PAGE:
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New Clues to Cause of Alzheimer’s

One of the outstanding features of the brains of persons with Alzheimer’s is the presence of amyloid beta plaques.  However, there is a small group of people whose brains contain these plaques, but who are free of the cognitive deficits displayed by those with Alzheimer’s.  And, up until now, the medical community has been at a loss to explain how this can happen.  But now, Dr. David Brody, associate professor of neurology, and his team of researchers at Washington University, in St. Louis, MO, have published the results of a study that may take a big step toward answering this question.

It appears now that the presence of these hard amyloid beta plaques in the brain is not sufficient, in and of itself, to produce Alzheimer’s symptoms.  One thing that this latest research does is point to the presence of smaller molecules of amyloid beta that are dissolved in the brain fluid, called amyloid beta “oligomers,” as being significant in the disease process.  It has been suspected, for some time, that these particles play a part in the presence of Alzheimer’s symptoms, but they have heretofore been too difficult to quantify.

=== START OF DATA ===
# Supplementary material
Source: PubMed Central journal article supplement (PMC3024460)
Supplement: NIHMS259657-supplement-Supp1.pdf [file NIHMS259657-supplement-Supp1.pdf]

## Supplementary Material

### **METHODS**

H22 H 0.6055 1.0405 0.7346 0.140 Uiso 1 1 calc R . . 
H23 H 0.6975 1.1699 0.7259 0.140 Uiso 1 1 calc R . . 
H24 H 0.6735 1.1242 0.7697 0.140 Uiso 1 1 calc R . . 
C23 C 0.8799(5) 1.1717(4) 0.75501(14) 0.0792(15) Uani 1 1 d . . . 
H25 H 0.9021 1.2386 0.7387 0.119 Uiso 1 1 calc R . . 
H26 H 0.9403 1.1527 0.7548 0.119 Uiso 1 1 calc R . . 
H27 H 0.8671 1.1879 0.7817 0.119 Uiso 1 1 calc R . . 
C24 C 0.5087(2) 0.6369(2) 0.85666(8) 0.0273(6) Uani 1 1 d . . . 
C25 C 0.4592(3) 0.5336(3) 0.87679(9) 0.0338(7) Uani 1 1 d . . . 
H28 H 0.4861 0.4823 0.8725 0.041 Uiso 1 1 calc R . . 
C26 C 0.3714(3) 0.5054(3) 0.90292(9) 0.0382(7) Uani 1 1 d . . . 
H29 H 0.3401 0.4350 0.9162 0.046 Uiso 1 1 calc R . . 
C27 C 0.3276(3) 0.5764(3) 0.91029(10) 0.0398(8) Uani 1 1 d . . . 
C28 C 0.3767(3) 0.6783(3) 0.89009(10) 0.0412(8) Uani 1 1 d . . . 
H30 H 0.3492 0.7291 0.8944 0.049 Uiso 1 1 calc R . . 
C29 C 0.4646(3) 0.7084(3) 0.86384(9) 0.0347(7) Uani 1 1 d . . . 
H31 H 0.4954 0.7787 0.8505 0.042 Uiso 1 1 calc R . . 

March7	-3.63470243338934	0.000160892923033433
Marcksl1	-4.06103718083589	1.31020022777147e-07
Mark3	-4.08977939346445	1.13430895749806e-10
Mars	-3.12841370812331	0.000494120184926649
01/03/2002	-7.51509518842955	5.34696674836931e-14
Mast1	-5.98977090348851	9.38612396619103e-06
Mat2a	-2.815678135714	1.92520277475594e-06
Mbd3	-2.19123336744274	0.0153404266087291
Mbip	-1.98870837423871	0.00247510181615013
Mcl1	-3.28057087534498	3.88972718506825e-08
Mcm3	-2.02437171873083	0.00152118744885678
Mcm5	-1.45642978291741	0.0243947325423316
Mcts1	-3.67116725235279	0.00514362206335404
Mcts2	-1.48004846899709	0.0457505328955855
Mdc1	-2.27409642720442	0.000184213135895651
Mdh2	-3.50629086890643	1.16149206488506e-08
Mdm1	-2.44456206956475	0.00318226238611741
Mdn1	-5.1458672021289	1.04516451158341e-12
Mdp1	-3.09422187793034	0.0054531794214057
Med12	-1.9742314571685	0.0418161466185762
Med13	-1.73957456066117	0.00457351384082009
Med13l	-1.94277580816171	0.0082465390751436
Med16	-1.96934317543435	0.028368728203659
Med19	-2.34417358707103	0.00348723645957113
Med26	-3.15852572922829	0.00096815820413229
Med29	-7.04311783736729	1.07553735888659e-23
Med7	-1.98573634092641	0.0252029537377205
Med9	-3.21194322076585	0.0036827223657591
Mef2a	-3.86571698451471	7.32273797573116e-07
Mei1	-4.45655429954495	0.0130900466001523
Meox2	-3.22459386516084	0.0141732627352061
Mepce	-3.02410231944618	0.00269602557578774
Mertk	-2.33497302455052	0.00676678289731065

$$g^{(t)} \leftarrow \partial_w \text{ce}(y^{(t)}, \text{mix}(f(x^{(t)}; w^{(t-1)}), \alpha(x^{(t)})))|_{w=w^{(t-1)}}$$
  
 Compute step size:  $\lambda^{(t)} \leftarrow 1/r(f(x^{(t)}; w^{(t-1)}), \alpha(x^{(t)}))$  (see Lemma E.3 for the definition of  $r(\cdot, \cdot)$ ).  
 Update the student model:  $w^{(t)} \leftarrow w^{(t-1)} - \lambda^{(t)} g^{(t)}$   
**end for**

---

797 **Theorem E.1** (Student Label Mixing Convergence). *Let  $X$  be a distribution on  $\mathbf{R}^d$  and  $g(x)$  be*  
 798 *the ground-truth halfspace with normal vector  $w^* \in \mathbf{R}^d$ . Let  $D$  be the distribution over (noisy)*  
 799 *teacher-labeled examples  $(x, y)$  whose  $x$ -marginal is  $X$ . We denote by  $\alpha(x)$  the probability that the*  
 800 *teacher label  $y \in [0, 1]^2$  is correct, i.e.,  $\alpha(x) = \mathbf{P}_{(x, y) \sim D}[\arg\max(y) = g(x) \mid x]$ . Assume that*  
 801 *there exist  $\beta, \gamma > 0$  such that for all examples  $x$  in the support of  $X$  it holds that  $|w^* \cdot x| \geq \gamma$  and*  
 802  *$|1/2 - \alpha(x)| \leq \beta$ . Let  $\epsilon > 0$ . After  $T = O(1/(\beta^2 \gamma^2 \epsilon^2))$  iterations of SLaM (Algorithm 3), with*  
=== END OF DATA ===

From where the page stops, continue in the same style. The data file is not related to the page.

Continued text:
Dr. Brody and his colleagues have developed a way to measure even small quantities of oligomers in brain tissue.  They looked at samples of brain tissue and fluid from 33 subjects (aged 74 to 107) at autopsy.  Ten of these subjects had no plaques and no dementia, fourteen had plaques but no dementia, and nine had plaques and dementia.

In comparison, all of the subjects who had beta amyloid plaques had relatively similar amounts of plaques.  However, those diagnosed with Alzheimer’s showed significantly more oligomers than those who did not show cognitive deficits.  It wasn’t the presence or absence of the oligomers that was significant, however.  Those with dementia symptoms were found to have a greater ratio of oligomers to plaques than those who did not show symptoms.

The researchers have speculated that, in those who had plaques but no symptoms, the plaques acted to capture the oligomers and prevent them from becoming problematic.  However, in those who were symptomatic the plaques have possibly exceeded their ability to filter out the oligomers, leaving them to float free in the brain fluid and interfere with the function of brain cells.

One word of caution here, from the researchers.  This is one study, done in the context of dissection during autopsy.  Results need to be verified through study of live subjects, possibly in a larger sample.  But it does suggest some possible avenues for further study.

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